Copenhagen, Denmark – 16 August 2021 – Wetskills Challenge Day 2
By Marsha Tack (Wageningen University & Research)
Starting the workweek, also starting the official part of the Wetskills program in Copenhagen. Since most of us are Dutchies or Dutch based internationals (or just love to cycle) we were very enthusiastic to getting to know the city by bike! We cycled to the Enghaveparken were we got a Walk&Talk with Matias Hede, a young water professional working for the Municipality of Copenhagen. The Park is multifunctional and can also be used as a retention basin. Enghaveparken is 1 of the 300 projects in the cloudburst plan of Copenhagen. Underneath the park is a basin in which every day rain can be stored up to 2,000 m^3; but the on-surface storage can fill up to 24,000 m^3. It was very impressive that a technical solution of retaining water can look this pretty and have added value. According to Mattias it is like walking into a restroom; the main purpose is that the toilet flushes, but the success is if it looks nice.
We continued our bike-ride to the Scandiagade; also, a project in the cloudburst plan in which rainwater of a residential area is retained in garden sections.
We looped around in the neighborhood and visited an inner garden, which is a privately owned shared garden were the rainwater pipes are disconnected from the sewer system. A creative and beautiful way to add value by adapting to climate change!
Afterwards we had a short lunchbreak stop at the university and we already could see our working places for the coming week.
Our trip continued along the snake bike-lane towards the harbor. Maj-Britt explained that the bridges connect different parts of the city and are there to improve long-distance biking. Personally, I enjoy biking, but my big passion is swimming! Unfortunately, the weather was a bit rainy and the temperature a bit low, but I am definitely going to swim in a harbor swimming pool later this week! Decades ago, the water in the harbor was polluted by sewer overflows. Now the treatment plants are obligated to retain more wastewater or increase there treatment plant. Therefore, the quality of the water is improved so it is often clean to swim in one of the harbor baths.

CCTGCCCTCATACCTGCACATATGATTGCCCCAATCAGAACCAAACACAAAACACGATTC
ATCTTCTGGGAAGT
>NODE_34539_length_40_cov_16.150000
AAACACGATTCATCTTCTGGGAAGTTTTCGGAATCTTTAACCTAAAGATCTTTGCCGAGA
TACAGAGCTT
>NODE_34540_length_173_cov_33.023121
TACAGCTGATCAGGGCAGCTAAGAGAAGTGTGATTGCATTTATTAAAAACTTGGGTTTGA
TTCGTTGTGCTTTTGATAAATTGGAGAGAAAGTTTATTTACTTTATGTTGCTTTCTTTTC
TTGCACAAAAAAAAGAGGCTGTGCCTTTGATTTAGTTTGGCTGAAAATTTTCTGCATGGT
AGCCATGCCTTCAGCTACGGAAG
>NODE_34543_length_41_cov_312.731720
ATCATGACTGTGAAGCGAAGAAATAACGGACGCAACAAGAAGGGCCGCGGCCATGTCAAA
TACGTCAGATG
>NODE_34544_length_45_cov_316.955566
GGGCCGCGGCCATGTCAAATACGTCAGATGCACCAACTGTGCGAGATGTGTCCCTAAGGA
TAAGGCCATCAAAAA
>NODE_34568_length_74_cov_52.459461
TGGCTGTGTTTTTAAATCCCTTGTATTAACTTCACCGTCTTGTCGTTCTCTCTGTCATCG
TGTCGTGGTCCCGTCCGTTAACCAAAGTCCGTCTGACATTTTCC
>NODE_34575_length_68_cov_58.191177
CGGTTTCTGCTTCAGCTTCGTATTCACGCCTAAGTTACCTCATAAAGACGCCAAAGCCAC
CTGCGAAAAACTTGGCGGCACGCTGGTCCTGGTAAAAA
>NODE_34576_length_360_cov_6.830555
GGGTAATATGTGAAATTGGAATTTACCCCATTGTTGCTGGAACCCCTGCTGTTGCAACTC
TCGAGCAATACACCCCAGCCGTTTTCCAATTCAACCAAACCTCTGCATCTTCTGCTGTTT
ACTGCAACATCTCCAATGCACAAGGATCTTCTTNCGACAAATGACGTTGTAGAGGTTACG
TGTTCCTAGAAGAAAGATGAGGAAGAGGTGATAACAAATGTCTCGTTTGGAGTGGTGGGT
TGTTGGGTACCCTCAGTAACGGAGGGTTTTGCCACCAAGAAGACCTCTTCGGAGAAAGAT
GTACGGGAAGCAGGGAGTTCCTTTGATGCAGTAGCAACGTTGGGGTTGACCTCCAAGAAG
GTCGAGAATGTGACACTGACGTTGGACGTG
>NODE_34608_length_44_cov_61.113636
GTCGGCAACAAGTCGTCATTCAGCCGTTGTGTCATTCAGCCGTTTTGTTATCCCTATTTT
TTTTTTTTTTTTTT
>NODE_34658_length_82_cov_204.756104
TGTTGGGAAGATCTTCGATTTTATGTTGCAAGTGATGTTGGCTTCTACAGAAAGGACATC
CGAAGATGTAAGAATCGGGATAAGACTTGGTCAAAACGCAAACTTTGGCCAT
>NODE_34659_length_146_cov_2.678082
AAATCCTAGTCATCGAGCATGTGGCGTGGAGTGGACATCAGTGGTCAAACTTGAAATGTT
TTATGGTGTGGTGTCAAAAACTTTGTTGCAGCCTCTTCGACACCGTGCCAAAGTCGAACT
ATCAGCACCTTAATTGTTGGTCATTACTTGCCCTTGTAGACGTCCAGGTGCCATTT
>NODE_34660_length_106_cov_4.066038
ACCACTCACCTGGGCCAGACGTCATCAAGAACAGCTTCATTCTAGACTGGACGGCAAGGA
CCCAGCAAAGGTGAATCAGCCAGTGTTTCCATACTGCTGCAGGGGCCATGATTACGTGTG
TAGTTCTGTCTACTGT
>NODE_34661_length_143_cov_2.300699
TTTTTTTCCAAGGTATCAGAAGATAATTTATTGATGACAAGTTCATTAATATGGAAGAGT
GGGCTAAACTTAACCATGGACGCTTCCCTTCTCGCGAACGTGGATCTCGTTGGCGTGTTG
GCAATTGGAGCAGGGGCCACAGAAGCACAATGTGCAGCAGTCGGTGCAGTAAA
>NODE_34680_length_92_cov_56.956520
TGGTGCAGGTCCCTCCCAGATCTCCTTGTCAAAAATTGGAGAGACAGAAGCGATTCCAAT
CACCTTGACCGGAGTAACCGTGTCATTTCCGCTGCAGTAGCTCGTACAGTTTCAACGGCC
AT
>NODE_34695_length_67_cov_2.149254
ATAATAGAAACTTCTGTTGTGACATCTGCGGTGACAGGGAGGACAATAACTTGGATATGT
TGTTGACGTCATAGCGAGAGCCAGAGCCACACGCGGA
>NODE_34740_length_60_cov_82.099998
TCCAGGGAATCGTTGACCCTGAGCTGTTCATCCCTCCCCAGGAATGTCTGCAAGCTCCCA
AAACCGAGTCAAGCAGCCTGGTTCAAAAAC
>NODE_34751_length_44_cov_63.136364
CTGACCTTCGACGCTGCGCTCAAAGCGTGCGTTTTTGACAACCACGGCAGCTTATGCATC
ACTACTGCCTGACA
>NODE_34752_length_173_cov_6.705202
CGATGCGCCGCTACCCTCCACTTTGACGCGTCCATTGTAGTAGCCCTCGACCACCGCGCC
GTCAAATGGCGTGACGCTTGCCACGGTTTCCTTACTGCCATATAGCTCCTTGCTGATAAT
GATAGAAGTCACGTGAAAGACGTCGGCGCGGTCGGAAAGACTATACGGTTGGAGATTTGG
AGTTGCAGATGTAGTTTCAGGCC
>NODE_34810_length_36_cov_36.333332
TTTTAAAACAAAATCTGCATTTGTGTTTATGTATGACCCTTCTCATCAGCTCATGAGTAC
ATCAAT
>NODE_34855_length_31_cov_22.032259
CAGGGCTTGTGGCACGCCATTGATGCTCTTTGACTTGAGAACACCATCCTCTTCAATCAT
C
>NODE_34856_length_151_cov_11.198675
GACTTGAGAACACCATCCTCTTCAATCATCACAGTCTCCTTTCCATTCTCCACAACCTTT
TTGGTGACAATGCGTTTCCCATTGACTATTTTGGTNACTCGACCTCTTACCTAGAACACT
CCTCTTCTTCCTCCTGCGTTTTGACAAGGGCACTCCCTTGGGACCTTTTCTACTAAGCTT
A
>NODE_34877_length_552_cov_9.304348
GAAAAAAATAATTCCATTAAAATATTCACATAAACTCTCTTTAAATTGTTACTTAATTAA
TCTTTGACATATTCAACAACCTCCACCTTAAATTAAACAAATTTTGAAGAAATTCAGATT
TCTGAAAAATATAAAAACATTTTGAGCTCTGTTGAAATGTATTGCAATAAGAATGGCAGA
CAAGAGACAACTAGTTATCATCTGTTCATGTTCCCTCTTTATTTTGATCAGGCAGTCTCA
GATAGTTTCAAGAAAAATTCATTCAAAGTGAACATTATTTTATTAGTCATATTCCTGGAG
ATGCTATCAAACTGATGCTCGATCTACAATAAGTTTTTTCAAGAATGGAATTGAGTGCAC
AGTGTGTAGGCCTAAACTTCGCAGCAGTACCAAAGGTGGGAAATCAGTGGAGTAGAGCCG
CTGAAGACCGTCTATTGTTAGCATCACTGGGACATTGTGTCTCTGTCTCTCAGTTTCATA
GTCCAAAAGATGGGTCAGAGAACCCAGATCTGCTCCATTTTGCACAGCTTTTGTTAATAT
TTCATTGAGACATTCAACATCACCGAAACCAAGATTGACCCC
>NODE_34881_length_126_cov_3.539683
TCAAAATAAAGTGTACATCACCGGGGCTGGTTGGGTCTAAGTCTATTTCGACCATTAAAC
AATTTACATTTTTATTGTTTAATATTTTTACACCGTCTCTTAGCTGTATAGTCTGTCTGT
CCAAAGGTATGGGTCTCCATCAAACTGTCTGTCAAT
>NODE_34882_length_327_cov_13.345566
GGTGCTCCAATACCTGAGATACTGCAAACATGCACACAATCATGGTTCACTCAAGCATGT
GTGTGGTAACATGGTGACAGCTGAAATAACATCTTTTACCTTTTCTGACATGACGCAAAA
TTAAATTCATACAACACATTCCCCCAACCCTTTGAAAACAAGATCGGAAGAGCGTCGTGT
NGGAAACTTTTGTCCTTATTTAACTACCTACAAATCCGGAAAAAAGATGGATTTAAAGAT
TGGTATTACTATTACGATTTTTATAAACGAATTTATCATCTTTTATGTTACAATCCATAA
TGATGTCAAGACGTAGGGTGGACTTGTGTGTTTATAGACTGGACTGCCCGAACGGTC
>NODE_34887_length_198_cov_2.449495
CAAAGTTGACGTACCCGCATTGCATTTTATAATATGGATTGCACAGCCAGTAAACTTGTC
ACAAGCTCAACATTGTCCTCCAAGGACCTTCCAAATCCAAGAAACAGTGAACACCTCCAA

After the company visit, we were planning to go to a climate adaptation project. But it started to rain, and we went to Coffee&Cheesecake instead. They claimed that they have the best cheesecake in town, and they really have! If you ever visit Copenhagen, make a stop there 😊
Lastly we met with Young Water Professionals at the Kayak Bar. The young water professionals is a youth network program of the international water association. In regional groups the organize professional and social events to stimulate a young water network; since we are the CEO’s of the future! The Netherlands doesn’t have a local chapter yet, but we Wetskills alumni might be able to change that 🙂